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State of The Industry (Part 6 of 7)

American Drycleaner recently asked several industry leaders seven questions about the issues facing the industry today and where they see drycleaning headed in the future.

QUESTION 6: What opportunities and challenges do drycleaners face in marketing their businesses in the rapidly evolving media landscape? How can operators best reach potential and existing customers in the years to come? DAVID COTTER: People have to wake up to the fact that the nature of cleaning has changed. If you go back 25 years, everybody—even kids—had something that had to go to the drycleaner. The average Joe hardly has any clothes that have to be drycleaned today. Drycleaning is getting to be more of a luxury than a “must.” Cleaners have to figure out who their market is, rather than try to be one-size-fits-all.
The primary reason a person picks a cleaner is still convenience and location. Try to get their e-mail addresses just to stay in touch. What always strikes me is the number of cleaners who assume that customers know the range of services they offer. Tell them what you do.BILL FISHER: The biggest challenge and opportunity is to set yourself apart from the run-of-the-mill shop. Consumers should think going to the drycleaner is fun, like going to the grocery store—a chore, but still fun. Milt & Edie’s does a great job at that; [Presto Valet’s] Buddy Gritz has kids asking their parents to go to the drycleaners.JOHN TIPPS: Text messages and e-mail are great if the customer wants them, but many don’t. There are so many things you can try; some work well for some people, and may not work for others.DAVE SILLIMAN: Savvy operators will use the Internet and social media. Websites, Twitter, Facebook, Yelp! and Angie’s List are the new Yellow Pages, and the tools of a new generation of drycleaning customers. Embrace the new technology and use it to your advantage. Businesspeople who maximize this exposure maintain an advantage in the marketplace and grow.BARRY GERSHENSON: Right now, social networking is the buzzword in meeting the needs of the new 25- to 40-year-old customer. Thinking that it’s just a fad will keep you out of touch in this fast-changing environment. Customer recommendations are still the main source of high-quality referrals, however.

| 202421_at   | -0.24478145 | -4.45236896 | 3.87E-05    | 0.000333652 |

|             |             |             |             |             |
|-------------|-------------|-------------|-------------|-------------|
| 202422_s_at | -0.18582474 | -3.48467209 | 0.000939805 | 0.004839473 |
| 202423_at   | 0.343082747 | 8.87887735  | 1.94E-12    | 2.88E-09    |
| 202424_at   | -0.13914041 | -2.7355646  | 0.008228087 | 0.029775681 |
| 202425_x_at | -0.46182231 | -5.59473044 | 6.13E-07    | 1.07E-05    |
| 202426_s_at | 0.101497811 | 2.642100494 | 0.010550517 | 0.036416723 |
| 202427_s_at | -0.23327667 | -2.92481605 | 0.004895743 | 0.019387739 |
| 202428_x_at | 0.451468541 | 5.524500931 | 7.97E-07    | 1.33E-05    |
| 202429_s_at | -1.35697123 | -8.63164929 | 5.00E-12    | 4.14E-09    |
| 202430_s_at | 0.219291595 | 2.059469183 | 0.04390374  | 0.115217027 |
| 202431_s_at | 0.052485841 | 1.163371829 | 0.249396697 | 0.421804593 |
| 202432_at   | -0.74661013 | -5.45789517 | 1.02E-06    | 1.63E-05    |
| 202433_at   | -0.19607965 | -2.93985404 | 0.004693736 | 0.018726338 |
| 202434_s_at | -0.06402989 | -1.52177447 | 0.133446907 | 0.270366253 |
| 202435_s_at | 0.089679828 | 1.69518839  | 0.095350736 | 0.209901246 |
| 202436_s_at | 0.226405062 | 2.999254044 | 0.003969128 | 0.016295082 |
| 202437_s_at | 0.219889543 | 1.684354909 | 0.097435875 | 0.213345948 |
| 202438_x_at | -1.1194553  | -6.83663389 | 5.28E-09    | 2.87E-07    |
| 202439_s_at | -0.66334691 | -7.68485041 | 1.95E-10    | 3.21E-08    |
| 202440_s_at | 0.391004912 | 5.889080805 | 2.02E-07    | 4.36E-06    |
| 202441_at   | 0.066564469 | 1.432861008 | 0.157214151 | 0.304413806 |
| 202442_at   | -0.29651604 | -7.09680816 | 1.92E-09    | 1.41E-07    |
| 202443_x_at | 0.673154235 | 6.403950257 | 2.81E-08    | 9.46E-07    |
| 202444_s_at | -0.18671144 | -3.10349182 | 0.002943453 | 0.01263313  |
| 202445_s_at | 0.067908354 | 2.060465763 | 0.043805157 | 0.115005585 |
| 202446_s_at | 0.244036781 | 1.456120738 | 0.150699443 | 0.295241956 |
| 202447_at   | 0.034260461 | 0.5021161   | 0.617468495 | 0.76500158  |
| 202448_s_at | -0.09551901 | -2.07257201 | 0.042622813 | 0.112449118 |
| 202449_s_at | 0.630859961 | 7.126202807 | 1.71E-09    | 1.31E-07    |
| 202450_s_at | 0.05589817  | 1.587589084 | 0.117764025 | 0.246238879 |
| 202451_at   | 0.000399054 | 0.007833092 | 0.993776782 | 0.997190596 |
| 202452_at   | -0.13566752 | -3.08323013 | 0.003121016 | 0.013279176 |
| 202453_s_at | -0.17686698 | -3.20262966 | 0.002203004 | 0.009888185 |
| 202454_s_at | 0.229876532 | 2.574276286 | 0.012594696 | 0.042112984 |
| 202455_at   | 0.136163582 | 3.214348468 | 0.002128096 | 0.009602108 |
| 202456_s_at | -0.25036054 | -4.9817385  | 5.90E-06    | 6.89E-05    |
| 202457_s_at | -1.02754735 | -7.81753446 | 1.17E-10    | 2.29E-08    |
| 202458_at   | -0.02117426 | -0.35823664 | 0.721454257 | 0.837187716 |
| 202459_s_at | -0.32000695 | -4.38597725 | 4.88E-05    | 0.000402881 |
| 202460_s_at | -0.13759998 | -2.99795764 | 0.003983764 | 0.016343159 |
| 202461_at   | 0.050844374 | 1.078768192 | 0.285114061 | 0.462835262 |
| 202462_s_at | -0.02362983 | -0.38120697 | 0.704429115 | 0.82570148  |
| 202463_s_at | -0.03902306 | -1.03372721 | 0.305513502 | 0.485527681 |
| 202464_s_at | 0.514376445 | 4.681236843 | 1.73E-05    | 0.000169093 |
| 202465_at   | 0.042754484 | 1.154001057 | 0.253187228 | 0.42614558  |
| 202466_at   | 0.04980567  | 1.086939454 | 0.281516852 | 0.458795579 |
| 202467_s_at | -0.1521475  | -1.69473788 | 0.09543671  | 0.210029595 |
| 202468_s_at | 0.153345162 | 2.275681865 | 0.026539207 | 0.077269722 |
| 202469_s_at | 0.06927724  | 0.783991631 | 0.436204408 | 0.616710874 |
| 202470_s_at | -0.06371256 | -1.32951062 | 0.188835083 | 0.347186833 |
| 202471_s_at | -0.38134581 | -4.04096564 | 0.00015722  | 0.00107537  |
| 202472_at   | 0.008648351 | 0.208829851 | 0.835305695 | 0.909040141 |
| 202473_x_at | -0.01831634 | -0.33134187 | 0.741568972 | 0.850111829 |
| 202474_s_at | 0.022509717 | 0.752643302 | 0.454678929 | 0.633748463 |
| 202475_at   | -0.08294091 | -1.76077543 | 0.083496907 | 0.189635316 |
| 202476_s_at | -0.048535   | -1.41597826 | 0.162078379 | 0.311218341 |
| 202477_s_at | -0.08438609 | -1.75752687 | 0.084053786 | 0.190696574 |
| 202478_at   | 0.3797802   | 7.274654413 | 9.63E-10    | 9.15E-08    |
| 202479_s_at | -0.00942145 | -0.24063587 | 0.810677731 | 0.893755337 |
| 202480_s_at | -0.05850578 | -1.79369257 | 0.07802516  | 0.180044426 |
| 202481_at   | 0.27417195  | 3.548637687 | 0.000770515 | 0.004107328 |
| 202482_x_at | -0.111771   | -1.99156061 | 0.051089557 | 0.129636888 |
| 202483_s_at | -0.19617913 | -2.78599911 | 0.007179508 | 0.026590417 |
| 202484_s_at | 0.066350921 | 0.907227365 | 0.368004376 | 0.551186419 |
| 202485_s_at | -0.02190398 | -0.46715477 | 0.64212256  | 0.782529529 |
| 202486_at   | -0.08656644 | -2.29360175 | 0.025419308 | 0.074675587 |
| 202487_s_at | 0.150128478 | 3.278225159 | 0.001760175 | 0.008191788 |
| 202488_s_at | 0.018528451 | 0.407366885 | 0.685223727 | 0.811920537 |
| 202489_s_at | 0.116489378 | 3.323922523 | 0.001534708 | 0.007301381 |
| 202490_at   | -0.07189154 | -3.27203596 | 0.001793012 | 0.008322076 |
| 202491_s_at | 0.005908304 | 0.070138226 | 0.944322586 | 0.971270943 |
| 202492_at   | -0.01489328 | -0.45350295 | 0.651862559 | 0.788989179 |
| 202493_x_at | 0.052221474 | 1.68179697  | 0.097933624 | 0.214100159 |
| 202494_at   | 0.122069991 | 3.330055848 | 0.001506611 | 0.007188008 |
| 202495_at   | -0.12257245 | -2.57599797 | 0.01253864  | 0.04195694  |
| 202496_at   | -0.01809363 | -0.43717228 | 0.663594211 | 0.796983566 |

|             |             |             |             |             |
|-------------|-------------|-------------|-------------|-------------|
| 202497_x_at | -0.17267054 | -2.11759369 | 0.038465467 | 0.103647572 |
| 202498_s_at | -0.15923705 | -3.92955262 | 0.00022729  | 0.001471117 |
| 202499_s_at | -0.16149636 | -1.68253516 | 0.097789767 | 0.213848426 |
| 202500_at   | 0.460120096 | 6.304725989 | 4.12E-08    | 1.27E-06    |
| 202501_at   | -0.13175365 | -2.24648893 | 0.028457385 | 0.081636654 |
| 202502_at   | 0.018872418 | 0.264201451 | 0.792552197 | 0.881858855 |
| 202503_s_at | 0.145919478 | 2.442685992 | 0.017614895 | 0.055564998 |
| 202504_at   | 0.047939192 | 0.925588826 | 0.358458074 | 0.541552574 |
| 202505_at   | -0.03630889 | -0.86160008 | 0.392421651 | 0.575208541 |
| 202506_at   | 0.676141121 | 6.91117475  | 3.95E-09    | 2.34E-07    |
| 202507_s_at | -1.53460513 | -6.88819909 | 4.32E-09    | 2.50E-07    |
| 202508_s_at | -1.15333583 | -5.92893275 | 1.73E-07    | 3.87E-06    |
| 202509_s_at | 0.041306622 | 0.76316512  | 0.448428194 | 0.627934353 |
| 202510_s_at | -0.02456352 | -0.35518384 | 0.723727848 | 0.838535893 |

A defined customer-retention program will help minimize lost customers. Remember, the easiest marketing programs are often the least effective. Person-to-person is still the best for existing or new customers.Next: What makes a good business for today’s entrepreneurs?The panelists: David Cotter, executive director of the Textile Care Allied Trades Association (TCATA); Bill Fisher, CEO of the Drycleaning & Laundry Institute (DLI); Barry Gershenson, executive director of Leading Cleaners Internationale (LCI); “Dryclean” Dave Silliman, operator of Uptowne Cleaners in Phoenix, Ariz.; and John Tipps, independent consultant and former operator of Clean Concepts Inc.

Have a question or comment? E-mail our editor Dave Davis at [email protected].